The Green Bay Packers started their on-the-field prep for the 2017 season on Monday.
On Tuesday, the fans can get their first look at this year’s team, with the second practice of organized team activities starting at 11:30 a.m. at Clarke Hinkle Field. (Weather permitting; there’s a 50 percent chance of rain.)
Here are some of the story lines for these offseason practices.
At this time last year, there was little doubt that Sam Shields and Damarious Randall would be starting on the outside with Quinten Rollins in the slot. Big changes could be in store with the additions of veteran Davon House and top draft pick Kevin King. At most positions, little can be gleaned until the pads come on, but the receivers-vs.-cornerbacks battles are legit. Can King, with his freakish combination of size and athleticism, be an instant starter? Can House played like he did at times during his first tour in Green Bay and in 2015 with Jacksonville? Can Randall and Rollins bounce back from dismal second seasons? Can LaDarius Gunter parlay last year’s trial by fire into a starting role?
2. The new old guys
General manager Ted Thompson used some unusual-for-him roster-building methods this offseason. Not only did he sign House, but he inked tight ends Martellus Bennett and Lance Kendricks, guard Jahri Evans and defensive lineman Ricky Jean Francois. Bennett is arguably the best all-around tight end in the NFL. Bennett and Kendricks lack Jared Cook’s game-breaking speed but should add new options on the offense. Evans, a former All-Pro right guard, was signed to replace popular Pro Bowl right guard T.J. Lang. Jean Francois adds veteran depth to a defensive line that will be without Letroy Guion, who will open the season with a four-game suspension.
3. Second-year defenders
Thompson used his first four draft picks on defensive players this year after using four of his first five draft picks on defensive players in 2016. It’s easy to focus on the rookies but the Year 2 defenders must take a big step forward. Last year’s first-round pick, Kenny Clark, all but fell out of the rotation last year, with 13 snaps vs. Philadelphia in Week 12 and seven vs. Houston in Week 13. He came on strong down the stretch, though, with 18.3 snaps per game in the final four games and 26.3 snaps per game in the three playoff games. In 13 games, Fackrell averaged only 12.3 snaps and had nine tackles. Martinez was playing about two-thirds of the snaps until a knee injury against Washington in Week 11. He missed the next three games and then played in just 81 snaps the next six games, including one vs. Dallas in the playoffs.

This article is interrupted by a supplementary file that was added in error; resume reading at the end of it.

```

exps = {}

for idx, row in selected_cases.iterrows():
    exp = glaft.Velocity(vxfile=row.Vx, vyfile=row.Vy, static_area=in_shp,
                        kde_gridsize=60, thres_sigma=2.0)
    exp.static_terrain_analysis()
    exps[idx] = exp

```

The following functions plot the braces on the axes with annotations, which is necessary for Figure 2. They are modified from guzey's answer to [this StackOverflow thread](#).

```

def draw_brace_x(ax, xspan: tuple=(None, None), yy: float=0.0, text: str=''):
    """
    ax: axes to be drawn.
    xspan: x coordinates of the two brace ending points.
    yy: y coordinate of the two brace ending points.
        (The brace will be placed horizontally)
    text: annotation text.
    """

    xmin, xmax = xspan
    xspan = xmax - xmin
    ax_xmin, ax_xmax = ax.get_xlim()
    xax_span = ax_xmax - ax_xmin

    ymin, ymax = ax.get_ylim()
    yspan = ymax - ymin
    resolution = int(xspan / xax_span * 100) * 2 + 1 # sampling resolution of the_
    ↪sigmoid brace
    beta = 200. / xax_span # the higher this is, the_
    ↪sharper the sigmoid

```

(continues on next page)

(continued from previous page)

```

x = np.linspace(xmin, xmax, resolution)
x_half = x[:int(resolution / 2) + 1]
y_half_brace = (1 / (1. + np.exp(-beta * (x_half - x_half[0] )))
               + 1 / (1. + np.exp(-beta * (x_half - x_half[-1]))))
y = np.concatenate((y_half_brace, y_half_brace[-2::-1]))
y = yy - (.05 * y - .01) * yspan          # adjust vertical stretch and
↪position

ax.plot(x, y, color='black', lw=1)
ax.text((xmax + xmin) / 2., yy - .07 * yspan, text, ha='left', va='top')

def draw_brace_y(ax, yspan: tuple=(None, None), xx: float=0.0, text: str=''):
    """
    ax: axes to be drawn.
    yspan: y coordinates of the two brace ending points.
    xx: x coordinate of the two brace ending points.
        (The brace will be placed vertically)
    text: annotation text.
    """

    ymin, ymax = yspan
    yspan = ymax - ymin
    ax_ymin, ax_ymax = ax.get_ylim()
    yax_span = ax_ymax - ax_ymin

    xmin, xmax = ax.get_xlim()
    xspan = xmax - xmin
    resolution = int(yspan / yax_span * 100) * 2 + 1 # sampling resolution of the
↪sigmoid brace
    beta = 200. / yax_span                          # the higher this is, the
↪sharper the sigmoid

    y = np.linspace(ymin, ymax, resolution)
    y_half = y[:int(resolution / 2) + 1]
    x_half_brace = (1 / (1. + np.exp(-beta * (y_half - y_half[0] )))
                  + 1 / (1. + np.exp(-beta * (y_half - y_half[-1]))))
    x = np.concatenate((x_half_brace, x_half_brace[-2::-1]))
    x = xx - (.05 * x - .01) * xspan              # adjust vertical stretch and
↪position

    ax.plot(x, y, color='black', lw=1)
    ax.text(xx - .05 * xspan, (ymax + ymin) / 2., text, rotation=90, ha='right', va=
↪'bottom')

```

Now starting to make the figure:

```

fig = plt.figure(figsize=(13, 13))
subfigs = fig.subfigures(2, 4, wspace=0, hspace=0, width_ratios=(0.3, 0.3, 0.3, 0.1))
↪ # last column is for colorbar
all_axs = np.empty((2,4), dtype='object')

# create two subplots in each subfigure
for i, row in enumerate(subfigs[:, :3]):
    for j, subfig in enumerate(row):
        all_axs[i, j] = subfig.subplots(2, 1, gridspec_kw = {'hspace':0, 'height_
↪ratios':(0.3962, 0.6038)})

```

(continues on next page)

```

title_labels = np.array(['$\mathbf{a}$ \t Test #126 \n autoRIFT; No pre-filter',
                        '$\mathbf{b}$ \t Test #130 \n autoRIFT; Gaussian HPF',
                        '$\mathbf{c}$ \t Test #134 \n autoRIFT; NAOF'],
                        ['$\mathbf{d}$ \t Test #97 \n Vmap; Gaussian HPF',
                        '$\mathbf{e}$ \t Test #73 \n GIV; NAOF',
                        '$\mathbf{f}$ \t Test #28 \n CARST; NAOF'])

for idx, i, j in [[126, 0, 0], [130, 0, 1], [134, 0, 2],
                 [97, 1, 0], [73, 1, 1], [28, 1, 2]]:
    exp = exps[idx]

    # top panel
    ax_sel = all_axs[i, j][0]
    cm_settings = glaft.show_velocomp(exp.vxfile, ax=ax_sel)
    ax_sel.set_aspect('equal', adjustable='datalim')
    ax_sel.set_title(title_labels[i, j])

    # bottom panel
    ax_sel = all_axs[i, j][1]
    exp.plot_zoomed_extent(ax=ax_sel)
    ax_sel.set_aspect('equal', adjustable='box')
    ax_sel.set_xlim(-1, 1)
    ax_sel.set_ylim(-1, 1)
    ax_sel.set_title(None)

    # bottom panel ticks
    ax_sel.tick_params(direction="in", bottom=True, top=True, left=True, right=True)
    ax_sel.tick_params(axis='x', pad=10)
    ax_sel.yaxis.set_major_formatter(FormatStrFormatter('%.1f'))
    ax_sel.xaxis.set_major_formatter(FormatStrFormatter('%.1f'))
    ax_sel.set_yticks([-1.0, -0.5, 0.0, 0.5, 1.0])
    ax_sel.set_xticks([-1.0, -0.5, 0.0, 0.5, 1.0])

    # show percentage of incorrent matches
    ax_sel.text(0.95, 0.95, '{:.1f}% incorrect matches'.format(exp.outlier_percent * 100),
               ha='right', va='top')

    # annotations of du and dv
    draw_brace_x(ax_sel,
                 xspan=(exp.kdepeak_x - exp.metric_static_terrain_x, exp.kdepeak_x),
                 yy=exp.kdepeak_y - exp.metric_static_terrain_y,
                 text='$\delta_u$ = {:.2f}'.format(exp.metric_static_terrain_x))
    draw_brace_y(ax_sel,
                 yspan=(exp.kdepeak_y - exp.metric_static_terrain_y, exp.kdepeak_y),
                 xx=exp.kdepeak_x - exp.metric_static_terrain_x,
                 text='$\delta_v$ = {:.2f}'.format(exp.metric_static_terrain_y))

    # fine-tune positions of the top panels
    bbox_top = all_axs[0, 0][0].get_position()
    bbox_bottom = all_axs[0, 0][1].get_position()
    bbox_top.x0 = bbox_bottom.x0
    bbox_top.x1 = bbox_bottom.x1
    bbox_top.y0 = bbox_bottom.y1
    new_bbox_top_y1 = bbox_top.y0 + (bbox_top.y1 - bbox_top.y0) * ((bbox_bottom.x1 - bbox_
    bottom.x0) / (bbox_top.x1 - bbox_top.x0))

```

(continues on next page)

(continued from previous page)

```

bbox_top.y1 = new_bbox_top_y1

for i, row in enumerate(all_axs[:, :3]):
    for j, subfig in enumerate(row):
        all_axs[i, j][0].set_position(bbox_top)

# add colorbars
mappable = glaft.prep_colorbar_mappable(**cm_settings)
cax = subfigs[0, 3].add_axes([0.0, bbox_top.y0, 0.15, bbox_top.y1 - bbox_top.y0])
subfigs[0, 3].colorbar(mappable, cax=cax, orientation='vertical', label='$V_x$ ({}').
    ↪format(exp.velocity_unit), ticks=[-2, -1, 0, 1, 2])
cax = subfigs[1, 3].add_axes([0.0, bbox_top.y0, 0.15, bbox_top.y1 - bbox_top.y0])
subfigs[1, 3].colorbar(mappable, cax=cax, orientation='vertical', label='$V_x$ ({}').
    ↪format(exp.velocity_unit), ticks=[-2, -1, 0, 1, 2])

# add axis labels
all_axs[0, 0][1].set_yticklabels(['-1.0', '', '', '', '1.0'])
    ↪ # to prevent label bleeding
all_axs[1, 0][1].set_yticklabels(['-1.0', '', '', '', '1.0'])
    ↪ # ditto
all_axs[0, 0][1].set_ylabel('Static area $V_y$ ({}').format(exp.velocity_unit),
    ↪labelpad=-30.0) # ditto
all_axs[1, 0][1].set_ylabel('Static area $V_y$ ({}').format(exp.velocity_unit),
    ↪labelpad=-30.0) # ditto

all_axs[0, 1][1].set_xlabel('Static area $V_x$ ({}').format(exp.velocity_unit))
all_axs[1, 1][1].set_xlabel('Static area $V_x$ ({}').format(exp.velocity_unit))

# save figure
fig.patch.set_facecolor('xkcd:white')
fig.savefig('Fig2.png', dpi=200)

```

Now what? Based on how he finished last season, Clark figures to be the starter alongside Mike Daniels. The Packers need much more out of Fackrell, considering the 1,100-plus snaps left by the departed duo of Julius Peppers and Datone Jones. Can Martinez be the every-down inside linebacker? Or will he lose playing time to rookie safety Josh Jones?
4. Backfield in motion
At this time last year, Ty Montgomery was a wide receiver. Now, he’s the last man standing in the backfield and, oddly, the veteran at running back. Montgomery is surrounded by five rookies in the backfield — including fourth-round pick Jamaal Williams, fifth-round pick Aaron Jones and seventh-round pick Devante Mays. Playing running back is about breaking tackles and picking up blitzers. Those skills, obviously, won’t show up during OTAs. That makes the 230-pound Mays the player to watch. If he can catch the ball in “live” situations, he’ll put himself right in the mix to be the No. 2 behind Montgomery.
5. Special teams
There are two battles with the specialists. One is at punter, with Justin Vogel, an undrafted rookie from Miami, trying to unseat incumbent Jake Schum. Schum won the one-on-one net-punt matchup in eight of the final 11 games (including playoffs). His 43.5-yard net average in the playoffs ranks as the second-best single postseason in team annals. Vogel averaged 43.8 yards per punt as a senior. The second battle is at long snapper. Derek Hart is the only snapper on the roster. He was a senior at James Madison in 2015. Hart, of course, is battling the rest of the league. Brett Goode, last year’s snapper, remains a free agent and is just a phone call away.
Bill Huber is publisher of PackerReport.com and has written for Packer Report since 1997. E-mail him at email@example.com or leave him a question in Packer Report’s subscribers-only Packers Pro Club forum. Find Bill on Twitter at www.twitter.com/PackerReport.